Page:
My friend Scott and I each purchased LPs of The Golden Age of Wireless when we were in high school.  However, they were different releases with different songs.  Most notably, we each owned a different version of the "Radio Silence" (he had the "guitar version," I didn't), so we would needlessly argue about which was the better version.  I said my version was superior, but I actually prefer the guitar version, mainly because of the spoken lyric about 3 minutes in: "Trytothinkofnothing. Trytothinkofnothing. Trytothinkofnothing..." by Lene Lovich. Oh! Do I like the song? Heck, I love the whole album.  In fact, it placed at #5 on my list of the Top 82 Albums of 1982, and I selected "Radio Silence" as the second best cut on the thing. 

  5. "#3 (In the Corn Belt)" by Dinosaur L (1981, Sleeping Bag Records)
    As of yet, I'm not sure I fully understand the No Wave experimental disco of Dinosaur L (Arthur Russell), but I'm enjoying the journey. Love the D.I.Y. ethos. If club names like The Kitchen or Paradise Garage mean anything to you, you'll like this. In 1981, however, 15 year old Mark would have run away from this sort of thing.

Monday, August 7, 2017

Terry Williams - Blame It on the Night (1980)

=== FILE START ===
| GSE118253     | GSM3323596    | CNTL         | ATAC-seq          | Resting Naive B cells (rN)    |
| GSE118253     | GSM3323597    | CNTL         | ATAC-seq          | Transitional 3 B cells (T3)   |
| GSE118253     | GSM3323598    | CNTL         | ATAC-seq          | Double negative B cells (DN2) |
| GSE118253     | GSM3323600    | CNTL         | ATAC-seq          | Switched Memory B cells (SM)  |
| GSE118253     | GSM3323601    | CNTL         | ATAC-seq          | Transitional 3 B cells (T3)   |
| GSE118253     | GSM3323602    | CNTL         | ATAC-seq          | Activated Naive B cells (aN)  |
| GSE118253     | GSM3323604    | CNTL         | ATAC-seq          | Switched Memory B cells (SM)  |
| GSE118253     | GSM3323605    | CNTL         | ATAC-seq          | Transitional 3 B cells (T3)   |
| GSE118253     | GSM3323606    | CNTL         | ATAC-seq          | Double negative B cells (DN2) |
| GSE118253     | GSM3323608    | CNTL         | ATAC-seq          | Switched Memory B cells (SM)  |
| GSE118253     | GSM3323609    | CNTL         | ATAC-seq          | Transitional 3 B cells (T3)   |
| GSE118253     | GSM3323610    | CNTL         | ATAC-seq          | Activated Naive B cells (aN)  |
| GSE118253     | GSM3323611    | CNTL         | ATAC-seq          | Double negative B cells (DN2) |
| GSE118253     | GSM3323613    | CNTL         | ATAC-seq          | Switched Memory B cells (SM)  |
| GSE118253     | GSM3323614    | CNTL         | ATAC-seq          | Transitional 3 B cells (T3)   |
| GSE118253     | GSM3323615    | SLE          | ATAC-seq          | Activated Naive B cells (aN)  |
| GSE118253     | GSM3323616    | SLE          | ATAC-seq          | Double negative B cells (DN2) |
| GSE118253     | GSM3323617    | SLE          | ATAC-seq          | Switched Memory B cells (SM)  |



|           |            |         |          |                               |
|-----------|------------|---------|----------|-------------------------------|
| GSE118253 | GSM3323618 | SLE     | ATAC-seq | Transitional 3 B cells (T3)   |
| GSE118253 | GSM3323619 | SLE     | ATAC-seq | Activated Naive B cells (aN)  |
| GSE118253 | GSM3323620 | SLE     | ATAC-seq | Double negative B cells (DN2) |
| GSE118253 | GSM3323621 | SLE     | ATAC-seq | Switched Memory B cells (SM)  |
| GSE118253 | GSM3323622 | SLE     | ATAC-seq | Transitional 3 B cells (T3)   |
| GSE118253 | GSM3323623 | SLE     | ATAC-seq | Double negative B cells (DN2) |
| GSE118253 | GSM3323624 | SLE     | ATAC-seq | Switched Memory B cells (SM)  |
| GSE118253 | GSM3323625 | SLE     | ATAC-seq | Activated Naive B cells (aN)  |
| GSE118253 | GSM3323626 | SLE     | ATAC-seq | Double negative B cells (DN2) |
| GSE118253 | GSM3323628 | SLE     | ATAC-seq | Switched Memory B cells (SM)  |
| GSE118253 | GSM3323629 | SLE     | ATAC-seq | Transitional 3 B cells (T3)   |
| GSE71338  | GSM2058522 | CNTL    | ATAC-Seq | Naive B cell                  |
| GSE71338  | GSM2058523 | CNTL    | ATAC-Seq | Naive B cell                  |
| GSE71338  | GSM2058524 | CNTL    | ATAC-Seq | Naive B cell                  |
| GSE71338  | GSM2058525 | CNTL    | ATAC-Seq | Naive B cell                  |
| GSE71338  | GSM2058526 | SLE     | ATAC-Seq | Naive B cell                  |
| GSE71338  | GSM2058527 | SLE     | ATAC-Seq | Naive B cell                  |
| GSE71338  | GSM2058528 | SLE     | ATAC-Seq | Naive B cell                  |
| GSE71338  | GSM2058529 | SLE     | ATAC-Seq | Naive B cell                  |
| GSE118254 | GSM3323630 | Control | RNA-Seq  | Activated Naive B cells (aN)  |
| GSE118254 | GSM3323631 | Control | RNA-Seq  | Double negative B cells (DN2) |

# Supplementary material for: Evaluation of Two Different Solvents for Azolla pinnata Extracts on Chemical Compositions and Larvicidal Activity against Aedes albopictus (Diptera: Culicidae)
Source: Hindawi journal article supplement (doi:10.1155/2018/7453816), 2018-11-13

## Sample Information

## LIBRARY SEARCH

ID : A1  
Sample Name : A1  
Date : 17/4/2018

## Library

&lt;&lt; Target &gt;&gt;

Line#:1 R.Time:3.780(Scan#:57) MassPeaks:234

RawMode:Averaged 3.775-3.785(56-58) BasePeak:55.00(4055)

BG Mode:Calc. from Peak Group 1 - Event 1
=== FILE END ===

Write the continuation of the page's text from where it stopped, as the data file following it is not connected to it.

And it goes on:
Blame It on the Night
b/w Blame It on the Night (stereo)

Released: never released? (International Artists)
Written by: Robert Byrne & Tom Brasfield
Produced by: Ian Gardiner
Album: none

 U. S. Billboard Charts:
 Adult Contemporary 30


I was looking at Adult Contemporary charts for the summer of 1980 in preparation for a blog post and came across a listing for this song. I couldn't find a copy anywhere save for a YouTube video that seems to have been recorded from a radio broadcast. Nonetheless, I was immediately hooked by the tune and here we are. (For the record, the aforementioned blog post never materialized as I got sidetracked by this tune.)

The artist that recorded this single isn't Terry Williams the British drummer or Terry Williams the trombonist, but Terry Williams the founding member of First Edition.